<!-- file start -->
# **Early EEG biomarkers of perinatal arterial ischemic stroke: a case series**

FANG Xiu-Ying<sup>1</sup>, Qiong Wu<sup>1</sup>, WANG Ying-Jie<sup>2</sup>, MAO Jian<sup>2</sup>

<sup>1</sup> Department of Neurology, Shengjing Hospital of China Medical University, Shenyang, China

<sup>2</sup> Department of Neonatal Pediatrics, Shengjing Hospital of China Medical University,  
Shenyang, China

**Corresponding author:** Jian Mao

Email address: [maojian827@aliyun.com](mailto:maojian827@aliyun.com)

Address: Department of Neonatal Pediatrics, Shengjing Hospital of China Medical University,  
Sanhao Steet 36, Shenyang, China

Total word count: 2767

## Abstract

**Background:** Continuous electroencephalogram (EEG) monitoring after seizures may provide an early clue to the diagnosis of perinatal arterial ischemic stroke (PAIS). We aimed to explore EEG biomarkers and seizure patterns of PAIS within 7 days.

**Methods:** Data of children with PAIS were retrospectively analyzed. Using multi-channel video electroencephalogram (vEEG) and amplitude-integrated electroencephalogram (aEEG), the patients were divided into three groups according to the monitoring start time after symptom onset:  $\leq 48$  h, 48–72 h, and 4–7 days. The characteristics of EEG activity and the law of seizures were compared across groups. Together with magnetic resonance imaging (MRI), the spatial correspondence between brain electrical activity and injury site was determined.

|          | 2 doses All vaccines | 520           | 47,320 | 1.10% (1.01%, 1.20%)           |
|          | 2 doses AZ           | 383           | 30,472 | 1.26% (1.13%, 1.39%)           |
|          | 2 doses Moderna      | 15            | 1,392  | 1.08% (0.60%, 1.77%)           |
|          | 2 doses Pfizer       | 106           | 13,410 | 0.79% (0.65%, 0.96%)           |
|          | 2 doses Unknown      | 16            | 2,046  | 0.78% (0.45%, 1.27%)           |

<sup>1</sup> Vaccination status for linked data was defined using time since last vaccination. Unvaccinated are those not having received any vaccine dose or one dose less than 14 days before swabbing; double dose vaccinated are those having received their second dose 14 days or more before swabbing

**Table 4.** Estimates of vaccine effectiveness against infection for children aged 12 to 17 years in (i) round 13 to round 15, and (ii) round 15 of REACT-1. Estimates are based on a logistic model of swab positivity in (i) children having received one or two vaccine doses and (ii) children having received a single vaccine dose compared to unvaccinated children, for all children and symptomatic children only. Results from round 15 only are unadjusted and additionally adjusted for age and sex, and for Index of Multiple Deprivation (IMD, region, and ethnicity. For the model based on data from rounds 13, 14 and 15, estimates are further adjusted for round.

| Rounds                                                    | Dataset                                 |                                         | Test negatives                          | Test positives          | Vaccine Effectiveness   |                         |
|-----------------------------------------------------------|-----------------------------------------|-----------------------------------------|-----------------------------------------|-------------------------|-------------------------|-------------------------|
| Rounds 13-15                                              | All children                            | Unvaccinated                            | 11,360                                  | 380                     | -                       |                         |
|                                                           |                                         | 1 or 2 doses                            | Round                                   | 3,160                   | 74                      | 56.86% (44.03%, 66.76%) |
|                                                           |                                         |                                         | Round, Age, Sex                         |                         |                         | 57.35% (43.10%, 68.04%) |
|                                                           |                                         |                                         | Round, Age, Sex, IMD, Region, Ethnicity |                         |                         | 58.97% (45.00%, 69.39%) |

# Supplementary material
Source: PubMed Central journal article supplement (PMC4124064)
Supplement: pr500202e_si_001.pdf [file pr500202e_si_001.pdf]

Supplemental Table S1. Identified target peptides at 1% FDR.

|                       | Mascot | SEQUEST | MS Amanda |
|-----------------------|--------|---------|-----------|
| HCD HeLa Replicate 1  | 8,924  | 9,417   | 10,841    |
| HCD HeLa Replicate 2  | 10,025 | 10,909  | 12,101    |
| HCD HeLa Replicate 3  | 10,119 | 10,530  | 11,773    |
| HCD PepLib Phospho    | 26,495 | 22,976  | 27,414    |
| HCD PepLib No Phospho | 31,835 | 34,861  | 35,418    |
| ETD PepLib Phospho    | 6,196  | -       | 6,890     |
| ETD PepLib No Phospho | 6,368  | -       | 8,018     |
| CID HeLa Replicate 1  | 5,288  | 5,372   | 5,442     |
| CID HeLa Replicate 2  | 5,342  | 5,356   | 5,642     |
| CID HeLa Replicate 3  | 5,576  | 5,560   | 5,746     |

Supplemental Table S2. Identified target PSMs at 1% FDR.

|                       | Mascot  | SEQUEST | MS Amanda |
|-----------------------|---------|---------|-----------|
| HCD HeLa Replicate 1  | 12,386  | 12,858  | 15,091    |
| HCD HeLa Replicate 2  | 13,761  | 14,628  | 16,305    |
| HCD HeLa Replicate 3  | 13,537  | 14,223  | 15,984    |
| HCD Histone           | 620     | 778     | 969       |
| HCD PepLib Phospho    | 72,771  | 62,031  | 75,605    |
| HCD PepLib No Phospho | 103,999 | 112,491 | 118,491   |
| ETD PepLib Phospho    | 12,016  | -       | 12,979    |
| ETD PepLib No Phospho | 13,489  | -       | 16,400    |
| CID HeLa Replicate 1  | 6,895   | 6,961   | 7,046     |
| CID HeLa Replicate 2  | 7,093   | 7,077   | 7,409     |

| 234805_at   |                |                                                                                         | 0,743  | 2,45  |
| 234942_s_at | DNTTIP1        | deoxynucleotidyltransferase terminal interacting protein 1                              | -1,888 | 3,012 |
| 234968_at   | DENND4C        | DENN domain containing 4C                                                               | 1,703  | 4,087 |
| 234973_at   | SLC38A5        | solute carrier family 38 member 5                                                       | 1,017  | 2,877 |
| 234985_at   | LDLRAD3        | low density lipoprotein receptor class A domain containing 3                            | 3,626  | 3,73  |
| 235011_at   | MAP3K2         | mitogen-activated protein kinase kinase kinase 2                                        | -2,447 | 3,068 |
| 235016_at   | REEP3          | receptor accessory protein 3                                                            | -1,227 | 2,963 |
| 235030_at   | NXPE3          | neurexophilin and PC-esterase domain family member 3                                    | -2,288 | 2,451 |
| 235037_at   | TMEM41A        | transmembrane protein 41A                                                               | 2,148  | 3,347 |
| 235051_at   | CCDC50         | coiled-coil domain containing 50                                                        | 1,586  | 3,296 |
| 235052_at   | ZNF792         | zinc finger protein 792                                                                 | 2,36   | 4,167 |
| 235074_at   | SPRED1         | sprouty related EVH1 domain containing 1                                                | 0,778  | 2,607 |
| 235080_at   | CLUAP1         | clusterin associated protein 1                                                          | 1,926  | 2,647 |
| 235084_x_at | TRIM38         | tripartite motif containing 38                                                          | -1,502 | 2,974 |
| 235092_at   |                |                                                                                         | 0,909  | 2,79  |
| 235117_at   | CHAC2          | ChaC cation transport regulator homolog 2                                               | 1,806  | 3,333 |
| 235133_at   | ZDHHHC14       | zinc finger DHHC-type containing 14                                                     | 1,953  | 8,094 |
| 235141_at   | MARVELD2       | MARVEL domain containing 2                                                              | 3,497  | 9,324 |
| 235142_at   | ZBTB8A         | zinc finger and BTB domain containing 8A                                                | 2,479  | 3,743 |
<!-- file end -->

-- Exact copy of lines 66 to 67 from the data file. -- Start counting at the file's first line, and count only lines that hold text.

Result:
| 235052_at   | ZNF792         | zinc finger protein 792                                                                 | 2,36   | 4,167 |
| 235074_at   | SPRED1         | sprouty related EVH1 domain containing 1                                                | 0,778  | 2,607 |